Eva Pils, a China human rights expert at King’s College London, told the Wall Street Journal in a recent article that the GPS devices are another example of China’s efforts to monitor its Muslim population using modern surveillance tools.

“This is yet-another way of persecuting Muslims for practicing their religion, by suggesting that they require to be monitored rather like criminal suspects or persons serving a suspended prison sentence,” Pils told the Journal.

Harsh policies

The two reports appear to expand on an existing string of harsh policies attacking the rights and freedoms of ethnic Uyghur Muslim residents of the XUAR enacted since Communist Party secretary Chen Quanguo was appointed to run the region in August 2016.

Beginning in April 2017, Uyghurs accused of harboring “strong religious views” and “politically incorrect” ideas have been jailed or detained in re-education camps throughout the XUAR, where members of the ethnic group have long complained of pervasive discrimination, religious repression, and cultural suppression under Chinese rule.

Previous reporting by RFA’s Uyghur Service found that in June last year authorities enacted a policy in the mostly Uyghur-populated Kashgar (in Chinese, Kashi) prefecture as part of a bid to assimilate members of the ethnic group in the area, requiring caretakers of mosques to fly the national flag of China atop the buildings.

The caretakers were also ordered to remove inscriptions of Islam’s holiest verse, “There is no god but God, and Muhammad is the messenger of God,” from mosque walls and replace them with large red banners that read “Love the [Communist] Party, Love the Country” in yellow writing.

Other policies implemented last year included orders for ethnic minority Muslim families to hand in religious items including prayer mats and copies of the Quran to the authorities, and an updated set of guidelines to detain Muslim Uyghurs on charges of religious “extremism” that include their postures while at prayer, the color of their hair, and even how they wear their watches.

The proposed flag measure and the GPS pilot program also appear in line with an anti-religion propaganda drive launched earlier this year in Kashgar through police stations and the establishment of “burial management centers” in Hotan (Hetian) prefecture as part of what the Uyghur exile community say is a bid to control all aspects of life for members of their ethnic group—even the act of dying.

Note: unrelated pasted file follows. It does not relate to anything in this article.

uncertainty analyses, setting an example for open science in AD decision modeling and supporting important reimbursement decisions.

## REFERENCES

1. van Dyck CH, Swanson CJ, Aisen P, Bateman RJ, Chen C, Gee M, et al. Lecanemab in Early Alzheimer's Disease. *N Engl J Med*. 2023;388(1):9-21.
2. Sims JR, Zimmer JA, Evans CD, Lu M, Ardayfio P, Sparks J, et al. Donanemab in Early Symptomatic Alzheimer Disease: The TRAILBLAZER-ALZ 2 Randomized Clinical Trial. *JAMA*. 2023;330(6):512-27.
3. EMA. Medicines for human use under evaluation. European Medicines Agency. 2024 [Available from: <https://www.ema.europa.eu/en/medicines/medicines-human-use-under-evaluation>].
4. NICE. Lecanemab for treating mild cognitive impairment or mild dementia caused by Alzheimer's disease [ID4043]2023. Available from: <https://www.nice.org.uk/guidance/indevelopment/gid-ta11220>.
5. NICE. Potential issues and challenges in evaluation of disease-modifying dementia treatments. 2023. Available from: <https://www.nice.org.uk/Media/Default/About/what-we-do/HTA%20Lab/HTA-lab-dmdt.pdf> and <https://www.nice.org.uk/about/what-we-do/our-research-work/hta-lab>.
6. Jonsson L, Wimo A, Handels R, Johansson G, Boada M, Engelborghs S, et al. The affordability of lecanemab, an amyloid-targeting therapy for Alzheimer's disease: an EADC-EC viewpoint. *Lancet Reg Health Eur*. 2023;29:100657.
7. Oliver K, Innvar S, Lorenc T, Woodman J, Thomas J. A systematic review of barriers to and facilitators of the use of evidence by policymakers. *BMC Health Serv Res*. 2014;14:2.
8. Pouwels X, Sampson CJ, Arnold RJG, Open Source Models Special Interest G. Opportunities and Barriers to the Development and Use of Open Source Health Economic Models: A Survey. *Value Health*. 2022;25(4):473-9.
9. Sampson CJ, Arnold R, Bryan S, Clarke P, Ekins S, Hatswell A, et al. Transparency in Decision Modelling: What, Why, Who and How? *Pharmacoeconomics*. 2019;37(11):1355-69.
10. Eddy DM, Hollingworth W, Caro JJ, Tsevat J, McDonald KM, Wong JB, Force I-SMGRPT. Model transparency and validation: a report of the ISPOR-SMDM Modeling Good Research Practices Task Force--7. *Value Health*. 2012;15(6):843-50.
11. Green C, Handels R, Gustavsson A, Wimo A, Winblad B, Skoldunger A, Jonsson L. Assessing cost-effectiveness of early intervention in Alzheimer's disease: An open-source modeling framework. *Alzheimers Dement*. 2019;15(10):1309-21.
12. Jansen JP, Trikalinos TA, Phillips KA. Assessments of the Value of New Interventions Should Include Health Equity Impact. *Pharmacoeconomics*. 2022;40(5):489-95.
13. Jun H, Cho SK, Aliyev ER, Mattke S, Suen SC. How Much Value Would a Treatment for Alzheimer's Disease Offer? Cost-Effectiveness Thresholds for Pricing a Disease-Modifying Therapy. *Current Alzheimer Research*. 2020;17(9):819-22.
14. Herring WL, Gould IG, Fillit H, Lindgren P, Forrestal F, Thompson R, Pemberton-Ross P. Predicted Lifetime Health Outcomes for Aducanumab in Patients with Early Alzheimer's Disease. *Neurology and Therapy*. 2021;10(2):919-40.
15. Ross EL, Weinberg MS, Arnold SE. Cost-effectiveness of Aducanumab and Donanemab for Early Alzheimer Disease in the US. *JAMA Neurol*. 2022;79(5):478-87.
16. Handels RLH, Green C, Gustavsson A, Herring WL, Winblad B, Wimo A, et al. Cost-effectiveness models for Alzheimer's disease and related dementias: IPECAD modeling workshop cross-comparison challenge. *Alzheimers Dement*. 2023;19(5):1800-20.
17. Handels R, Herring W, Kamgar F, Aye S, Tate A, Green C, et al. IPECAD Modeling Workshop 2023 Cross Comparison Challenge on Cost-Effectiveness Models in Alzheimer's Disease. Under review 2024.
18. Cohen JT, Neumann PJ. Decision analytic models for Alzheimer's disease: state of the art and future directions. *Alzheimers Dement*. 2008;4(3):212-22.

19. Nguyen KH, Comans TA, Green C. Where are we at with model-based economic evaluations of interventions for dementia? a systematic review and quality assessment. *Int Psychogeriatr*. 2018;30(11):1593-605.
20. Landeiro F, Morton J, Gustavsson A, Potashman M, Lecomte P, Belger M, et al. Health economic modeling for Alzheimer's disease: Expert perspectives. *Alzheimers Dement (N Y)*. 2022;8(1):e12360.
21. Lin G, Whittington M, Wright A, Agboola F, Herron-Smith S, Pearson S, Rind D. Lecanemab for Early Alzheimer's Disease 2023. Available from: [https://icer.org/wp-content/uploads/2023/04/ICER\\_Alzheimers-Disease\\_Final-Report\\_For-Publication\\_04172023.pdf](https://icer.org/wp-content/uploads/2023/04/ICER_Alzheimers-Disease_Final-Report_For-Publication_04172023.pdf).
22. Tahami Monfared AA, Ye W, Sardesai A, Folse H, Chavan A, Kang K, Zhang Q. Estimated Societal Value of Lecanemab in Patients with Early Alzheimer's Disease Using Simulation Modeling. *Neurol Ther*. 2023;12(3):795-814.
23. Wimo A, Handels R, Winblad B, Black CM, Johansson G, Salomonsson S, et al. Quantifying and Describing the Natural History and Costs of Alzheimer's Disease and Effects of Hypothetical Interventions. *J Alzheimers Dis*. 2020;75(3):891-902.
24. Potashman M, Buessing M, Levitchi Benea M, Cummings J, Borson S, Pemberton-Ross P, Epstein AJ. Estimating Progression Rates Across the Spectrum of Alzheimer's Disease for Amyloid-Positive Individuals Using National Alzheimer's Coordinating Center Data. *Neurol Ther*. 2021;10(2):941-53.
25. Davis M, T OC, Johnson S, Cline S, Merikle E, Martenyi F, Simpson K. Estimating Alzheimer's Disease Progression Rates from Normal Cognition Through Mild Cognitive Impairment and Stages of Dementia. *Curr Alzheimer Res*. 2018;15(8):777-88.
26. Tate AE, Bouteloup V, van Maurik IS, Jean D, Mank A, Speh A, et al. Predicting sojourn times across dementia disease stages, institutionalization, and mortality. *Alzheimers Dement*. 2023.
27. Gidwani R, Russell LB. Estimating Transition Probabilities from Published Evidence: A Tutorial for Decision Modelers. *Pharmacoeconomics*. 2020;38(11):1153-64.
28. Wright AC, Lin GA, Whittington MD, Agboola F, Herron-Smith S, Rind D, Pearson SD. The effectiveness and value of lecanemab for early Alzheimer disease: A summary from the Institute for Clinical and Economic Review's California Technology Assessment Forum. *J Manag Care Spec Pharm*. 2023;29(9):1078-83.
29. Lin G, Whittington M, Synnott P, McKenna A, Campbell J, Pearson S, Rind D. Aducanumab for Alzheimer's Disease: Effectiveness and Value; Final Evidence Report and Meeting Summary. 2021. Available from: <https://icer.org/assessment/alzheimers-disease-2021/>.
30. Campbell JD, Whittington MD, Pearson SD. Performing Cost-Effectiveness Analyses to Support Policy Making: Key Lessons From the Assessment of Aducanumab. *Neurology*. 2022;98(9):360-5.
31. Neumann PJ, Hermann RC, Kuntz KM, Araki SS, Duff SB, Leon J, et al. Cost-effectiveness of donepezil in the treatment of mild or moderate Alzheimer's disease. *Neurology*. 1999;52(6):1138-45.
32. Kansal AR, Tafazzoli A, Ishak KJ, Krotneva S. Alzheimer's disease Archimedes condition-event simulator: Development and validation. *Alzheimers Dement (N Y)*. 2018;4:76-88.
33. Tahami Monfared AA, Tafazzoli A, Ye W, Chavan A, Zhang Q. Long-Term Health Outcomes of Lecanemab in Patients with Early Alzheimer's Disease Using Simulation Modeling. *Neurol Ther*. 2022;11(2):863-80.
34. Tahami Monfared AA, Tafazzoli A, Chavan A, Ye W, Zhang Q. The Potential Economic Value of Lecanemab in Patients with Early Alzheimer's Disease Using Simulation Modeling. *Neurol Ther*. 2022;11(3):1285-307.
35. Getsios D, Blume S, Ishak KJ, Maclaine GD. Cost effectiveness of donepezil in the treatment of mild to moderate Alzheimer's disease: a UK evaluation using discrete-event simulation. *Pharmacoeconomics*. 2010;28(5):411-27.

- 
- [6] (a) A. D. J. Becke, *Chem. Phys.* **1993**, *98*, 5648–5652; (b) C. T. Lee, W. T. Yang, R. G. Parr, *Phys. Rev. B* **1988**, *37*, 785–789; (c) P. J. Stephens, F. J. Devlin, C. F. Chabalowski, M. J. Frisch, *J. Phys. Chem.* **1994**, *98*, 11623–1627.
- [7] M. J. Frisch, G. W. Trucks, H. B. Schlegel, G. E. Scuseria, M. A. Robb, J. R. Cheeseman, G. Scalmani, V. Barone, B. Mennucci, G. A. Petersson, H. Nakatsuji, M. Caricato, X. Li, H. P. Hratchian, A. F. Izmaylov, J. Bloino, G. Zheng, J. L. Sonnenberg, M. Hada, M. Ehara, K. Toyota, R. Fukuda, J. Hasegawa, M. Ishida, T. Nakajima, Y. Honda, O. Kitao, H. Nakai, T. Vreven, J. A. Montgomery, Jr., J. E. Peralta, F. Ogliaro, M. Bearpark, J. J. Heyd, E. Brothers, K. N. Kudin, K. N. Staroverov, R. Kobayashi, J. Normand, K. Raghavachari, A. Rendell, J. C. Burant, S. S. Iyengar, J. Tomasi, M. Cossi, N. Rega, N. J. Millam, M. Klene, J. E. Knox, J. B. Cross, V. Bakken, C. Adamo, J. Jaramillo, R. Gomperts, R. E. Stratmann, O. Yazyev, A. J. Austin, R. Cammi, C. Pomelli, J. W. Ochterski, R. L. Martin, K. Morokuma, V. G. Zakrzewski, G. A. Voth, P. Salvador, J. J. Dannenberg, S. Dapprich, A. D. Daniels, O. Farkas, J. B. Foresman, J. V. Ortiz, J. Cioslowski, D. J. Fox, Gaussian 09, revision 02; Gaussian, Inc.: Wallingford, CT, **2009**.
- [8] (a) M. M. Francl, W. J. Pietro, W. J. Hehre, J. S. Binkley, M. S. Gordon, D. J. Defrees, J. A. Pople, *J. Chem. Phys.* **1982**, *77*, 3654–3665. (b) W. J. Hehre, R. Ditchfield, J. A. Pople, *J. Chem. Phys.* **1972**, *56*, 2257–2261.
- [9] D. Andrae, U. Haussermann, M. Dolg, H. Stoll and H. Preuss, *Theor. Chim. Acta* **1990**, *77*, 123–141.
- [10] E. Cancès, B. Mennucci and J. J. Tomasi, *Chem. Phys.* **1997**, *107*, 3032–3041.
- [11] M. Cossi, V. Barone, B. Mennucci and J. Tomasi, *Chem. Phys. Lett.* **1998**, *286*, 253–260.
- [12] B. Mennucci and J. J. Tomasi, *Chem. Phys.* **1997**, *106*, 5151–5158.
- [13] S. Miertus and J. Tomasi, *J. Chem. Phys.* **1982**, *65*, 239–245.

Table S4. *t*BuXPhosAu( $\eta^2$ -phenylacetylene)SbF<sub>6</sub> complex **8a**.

Camp network

Last week, an editorial in the Global Times, dismissed international coverage of the re-education camps in the XUAR, which it labeled “training institutes,” saying western media outlets were incorrectly labeling them as “detention” sites and “baselessly criticizing China’s human rights.”

Aside from the brief mention in the article, China's central government authorities have not publicly acknowledged the existence of re-education camps in the XUAR, and the number of inmates kept in each facility remains a closely guarded secret. But local officials in many parts of the region have in RFA telephone interviews forthrightly described sending significant numbers of Uyghurs to the camps and even described overcrowding in some facilities.

Citing credible reports, U.S. lawmakers Marco Rubio and Chris Smith, who head the bipartisan Congressional-Executive Commission on China, said recently that as many as 500,000 to a million people are or have been detained in the re-education camps, calling it ”the largest mass incarceration of a minority population in the world today.”

Adrian Zenz, a lecturer in social research methods at the Germany-based European School of Culture and Theology, said the number “could be closer to 1.1 million, which equates to 10-11 percent of the adult Muslim population of the region.”

Reported by RFA's Uyghur Service. Translated by Alim Seytoff. Written in English by Joshua Lipes.